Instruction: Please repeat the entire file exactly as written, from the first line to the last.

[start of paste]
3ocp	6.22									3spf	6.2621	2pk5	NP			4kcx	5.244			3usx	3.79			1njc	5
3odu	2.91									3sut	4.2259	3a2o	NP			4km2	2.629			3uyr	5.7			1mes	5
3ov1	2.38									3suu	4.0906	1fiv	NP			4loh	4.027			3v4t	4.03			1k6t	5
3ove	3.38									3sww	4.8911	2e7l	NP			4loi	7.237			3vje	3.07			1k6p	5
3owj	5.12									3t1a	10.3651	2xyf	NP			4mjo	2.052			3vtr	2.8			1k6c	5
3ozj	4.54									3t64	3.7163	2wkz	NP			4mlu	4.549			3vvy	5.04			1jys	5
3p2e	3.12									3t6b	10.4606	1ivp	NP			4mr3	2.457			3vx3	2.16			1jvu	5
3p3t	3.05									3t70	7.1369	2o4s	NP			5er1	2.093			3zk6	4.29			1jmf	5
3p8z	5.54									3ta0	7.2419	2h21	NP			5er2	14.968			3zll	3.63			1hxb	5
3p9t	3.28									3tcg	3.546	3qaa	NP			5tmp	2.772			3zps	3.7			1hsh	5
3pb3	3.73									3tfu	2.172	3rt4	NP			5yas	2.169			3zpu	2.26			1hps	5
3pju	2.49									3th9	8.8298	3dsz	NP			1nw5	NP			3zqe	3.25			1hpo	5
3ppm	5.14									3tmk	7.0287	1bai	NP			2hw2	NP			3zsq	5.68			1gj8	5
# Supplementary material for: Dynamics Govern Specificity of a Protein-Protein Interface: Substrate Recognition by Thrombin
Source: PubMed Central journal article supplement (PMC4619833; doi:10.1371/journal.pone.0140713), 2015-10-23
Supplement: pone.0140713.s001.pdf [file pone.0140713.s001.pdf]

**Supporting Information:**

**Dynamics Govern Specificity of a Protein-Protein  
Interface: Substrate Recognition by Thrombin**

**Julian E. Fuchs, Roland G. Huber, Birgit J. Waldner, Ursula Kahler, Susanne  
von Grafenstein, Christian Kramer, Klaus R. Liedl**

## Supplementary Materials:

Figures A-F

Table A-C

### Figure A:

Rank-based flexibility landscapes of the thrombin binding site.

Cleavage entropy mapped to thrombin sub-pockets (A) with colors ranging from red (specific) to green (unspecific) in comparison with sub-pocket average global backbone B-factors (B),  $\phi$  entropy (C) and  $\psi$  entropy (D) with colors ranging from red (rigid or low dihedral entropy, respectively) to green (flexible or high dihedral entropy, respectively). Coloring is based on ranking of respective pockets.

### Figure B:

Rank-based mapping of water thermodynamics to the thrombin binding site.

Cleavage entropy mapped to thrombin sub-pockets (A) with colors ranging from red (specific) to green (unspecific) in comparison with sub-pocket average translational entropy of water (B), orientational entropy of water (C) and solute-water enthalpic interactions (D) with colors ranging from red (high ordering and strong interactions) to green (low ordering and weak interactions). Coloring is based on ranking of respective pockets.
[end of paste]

3ocp	6.22									3spf	6.2621	2pk5	NP			4kcx	5.244			3usx	3.79			1njc	5
3odu	2.91									3sut	4.2259	3a2o	NP			4km2	2.629			3uyr	5.7			1mes	5
3ov1	2.38									3suu	4.0906	1fiv	NP			4loh	4.027			3v4t	4.03			1k6t	5
3ove	3.38									3sww	4.8911	2e7l	NP			4loi	7.237			3vje	3.07			1k6p	5
3owj	5.12									3t1a	10.3651	2xyf	NP			4mjo	2.052			3vtr	2.8			1k6c	5
3ozj	4.54									3t64	3.7163	2wkz	NP			4mlu	4.549			3vvy	5.04			1jys	5
3p2e	3.12									3t6b	10.4606	1ivp	NP			4mr3	2.457			3vx3	2.16			1jvu	5
3p3t	3.05									3t70	7.1369	2o4s	NP			5er1	2.093			3zk6	4.29			1jmf	5
3p8z	5.54									3ta0	7.2419	2h21	NP			5er2	14.968			3zll	3.63			1hxb	5
3p9t	3.28									3tcg	3.546	3qaa	NP			5tmp	2.772			3zps	3.7			1hsh	5
3pb3	3.73									3tfu	2.172	3rt4	NP			5yas	2.169			3zpu	2.26			1hps	5
3pju	2.49									3th9	8.8298	3dsz	NP			1nw5	NP			3zqe	3.25			1hpo	5
3ppm	5.14									3tmk	7.0287	1bai	NP			2hw2	NP			3zsq	5.68			1gj8	5
# Supplementary material for: Dynamics Govern Specificity of a Protein-Protein Interface: Substrate Recognition by Thrombin
Source: PubMed Central journal article supplement (PMC4619833; doi:10.1371/journal.pone.0140713), 2015-10-23
Supplement: pone.0140713.s001.pdf [file pone.0140713.s001.pdf]

**Supporting Information:**

**Dynamics Govern Specificity of a Protein-Protein  
Interface: Substrate Recognition by Thrombin**

**Julian E. Fuchs, Roland G. Huber, Birgit J. Waldner, Ursula Kahler, Susanne  
von Grafenstein, Christian Kramer, Klaus R. Liedl**

## Supplementary Materials:

Figures A-F

Table A-C

### Figure A:

Rank-based flexibility landscapes of the thrombin binding site.

Cleavage entropy mapped to thrombin sub-pockets (A) with colors ranging from red (specific) to green (unspecific) in comparison with sub-pocket average global backbone B-factors (B),  $\phi$  entropy (C) and  $\psi$  entropy (D) with colors ranging from red (rigid or low dihedral entropy, respectively) to green (flexible or high dihedral entropy, respectively). Coloring is based on ranking of respective pockets.

### Figure B:

Rank-based mapping of water thermodynamics to the thrombin binding site.

Cleavage entropy mapped to thrombin sub-pockets (A) with colors ranging from red (specific) to green (unspecific) in comparison with sub-pocket average translational entropy of water (B), orientational entropy of water (C) and solute-water enthalpic interactions (D) with colors ranging from red (high ordering and strong interactions) to green (low ordering and weak interactions). Coloring is based on ranking of respective pockets.